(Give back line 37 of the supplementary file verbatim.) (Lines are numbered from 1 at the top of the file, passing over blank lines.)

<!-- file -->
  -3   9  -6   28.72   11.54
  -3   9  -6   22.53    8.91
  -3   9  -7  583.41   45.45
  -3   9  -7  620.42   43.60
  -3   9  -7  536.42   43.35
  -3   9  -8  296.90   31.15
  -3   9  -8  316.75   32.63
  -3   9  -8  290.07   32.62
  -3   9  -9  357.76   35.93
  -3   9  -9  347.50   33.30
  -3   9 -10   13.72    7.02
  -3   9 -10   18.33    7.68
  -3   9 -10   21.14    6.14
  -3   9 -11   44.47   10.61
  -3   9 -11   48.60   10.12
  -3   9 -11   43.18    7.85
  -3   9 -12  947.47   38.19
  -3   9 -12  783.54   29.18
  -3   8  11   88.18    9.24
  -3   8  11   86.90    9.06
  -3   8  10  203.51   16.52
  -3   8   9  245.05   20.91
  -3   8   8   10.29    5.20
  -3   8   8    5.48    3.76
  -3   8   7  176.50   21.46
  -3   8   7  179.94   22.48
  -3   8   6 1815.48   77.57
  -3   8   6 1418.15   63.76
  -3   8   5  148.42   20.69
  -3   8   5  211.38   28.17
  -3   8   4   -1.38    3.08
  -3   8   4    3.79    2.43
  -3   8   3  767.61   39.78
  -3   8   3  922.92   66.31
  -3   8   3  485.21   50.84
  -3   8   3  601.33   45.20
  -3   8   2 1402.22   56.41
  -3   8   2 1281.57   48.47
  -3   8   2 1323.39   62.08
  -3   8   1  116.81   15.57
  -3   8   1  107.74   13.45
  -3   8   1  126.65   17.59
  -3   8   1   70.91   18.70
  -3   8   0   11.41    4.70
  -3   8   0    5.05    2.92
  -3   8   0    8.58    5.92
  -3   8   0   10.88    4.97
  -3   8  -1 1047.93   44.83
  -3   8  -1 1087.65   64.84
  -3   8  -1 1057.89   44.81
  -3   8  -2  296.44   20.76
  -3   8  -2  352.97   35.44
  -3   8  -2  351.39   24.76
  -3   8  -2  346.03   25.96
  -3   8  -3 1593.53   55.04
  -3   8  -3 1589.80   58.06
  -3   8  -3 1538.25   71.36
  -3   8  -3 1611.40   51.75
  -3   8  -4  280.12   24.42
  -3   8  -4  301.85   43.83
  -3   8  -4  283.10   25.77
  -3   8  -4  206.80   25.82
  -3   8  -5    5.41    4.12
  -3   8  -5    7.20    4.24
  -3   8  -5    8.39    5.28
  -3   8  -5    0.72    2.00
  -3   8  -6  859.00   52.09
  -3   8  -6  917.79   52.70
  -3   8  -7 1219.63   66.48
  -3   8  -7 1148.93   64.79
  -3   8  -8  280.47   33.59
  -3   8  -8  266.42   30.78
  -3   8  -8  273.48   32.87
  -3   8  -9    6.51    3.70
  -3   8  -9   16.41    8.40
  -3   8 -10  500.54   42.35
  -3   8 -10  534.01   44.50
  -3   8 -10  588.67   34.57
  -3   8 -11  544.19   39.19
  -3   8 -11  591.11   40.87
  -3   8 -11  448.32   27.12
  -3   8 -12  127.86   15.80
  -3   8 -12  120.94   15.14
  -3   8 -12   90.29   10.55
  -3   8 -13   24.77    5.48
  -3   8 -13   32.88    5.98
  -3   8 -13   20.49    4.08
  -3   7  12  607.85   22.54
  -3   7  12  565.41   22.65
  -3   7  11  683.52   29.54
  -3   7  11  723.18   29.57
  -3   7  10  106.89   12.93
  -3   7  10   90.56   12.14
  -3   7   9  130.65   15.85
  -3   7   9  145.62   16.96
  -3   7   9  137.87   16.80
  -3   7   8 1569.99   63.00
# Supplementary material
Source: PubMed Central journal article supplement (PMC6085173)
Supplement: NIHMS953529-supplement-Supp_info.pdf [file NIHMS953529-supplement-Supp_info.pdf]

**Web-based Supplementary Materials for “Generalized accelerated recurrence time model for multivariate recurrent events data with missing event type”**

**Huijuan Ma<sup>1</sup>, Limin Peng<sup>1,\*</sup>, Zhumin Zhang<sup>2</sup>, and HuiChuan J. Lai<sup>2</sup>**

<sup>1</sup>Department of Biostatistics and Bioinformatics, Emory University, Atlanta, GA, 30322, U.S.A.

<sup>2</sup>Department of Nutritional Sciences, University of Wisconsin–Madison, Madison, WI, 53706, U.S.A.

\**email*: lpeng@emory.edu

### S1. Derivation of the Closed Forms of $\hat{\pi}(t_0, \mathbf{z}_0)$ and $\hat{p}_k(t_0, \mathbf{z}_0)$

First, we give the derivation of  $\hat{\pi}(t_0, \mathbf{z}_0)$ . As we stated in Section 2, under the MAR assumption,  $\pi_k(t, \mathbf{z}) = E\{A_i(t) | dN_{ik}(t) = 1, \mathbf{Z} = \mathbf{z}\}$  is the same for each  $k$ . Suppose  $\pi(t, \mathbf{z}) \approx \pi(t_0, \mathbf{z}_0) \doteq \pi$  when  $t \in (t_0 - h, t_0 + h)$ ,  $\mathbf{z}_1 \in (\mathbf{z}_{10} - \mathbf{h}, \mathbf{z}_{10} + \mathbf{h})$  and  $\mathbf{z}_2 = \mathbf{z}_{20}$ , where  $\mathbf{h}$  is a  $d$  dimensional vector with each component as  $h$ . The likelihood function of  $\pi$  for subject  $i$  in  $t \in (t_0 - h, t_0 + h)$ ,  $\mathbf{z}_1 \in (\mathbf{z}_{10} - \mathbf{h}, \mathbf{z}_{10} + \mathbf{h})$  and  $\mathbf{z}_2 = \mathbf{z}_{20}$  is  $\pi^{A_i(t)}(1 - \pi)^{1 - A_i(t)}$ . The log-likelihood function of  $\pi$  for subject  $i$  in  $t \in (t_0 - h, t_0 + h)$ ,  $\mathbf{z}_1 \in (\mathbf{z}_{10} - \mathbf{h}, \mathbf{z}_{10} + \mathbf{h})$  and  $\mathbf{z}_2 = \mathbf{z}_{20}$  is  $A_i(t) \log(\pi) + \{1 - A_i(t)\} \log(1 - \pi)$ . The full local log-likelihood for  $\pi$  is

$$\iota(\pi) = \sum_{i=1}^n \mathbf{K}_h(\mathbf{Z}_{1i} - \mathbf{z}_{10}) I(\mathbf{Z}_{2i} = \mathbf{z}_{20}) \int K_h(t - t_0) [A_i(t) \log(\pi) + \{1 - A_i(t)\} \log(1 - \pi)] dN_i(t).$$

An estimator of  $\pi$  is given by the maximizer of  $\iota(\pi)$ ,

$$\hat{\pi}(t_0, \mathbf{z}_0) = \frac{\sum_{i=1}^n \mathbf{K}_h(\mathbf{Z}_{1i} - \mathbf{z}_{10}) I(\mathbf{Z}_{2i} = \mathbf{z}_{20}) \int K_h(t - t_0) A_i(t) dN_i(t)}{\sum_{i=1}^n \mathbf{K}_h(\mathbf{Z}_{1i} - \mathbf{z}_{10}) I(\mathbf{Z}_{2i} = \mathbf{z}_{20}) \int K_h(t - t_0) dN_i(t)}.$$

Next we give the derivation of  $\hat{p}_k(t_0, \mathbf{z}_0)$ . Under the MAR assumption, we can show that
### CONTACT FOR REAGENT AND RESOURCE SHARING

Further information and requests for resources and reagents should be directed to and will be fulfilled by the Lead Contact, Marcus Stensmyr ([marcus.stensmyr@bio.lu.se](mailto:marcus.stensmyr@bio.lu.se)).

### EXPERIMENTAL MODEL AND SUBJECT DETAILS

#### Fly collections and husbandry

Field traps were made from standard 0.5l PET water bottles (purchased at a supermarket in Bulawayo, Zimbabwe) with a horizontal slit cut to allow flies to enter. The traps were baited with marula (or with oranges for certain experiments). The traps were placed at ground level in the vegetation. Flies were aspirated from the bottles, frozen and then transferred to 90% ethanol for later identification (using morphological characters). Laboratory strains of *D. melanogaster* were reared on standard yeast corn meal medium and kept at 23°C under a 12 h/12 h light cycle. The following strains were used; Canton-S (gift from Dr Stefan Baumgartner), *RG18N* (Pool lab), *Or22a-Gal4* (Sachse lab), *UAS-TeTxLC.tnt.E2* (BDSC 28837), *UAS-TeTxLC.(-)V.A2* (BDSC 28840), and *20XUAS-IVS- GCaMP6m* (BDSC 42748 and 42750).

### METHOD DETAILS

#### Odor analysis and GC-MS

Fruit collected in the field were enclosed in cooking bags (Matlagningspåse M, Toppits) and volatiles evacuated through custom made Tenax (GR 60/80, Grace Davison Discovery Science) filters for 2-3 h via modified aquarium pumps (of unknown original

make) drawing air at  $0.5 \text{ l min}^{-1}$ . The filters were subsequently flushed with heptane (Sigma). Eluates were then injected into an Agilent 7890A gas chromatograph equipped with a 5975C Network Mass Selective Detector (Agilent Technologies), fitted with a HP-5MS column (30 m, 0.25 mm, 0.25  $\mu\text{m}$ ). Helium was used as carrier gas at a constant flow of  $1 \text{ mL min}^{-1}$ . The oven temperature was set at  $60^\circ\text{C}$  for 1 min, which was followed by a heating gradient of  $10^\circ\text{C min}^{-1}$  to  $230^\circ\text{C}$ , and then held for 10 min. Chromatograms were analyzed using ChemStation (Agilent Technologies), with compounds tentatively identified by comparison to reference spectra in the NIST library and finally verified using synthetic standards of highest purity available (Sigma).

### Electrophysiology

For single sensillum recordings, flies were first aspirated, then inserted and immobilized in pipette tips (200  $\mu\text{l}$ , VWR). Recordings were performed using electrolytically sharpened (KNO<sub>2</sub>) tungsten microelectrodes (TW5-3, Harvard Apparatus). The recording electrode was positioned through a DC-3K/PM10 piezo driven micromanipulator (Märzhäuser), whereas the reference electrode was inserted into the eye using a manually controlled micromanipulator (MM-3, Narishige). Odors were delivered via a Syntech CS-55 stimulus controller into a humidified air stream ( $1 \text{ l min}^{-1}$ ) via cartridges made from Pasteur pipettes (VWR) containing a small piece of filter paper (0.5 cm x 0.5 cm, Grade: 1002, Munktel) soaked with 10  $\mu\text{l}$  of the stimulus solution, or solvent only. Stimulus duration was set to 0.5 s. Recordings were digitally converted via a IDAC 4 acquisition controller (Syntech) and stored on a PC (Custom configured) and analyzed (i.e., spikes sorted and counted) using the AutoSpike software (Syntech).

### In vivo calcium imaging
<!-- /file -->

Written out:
  -3   8   2 1402.22   56.41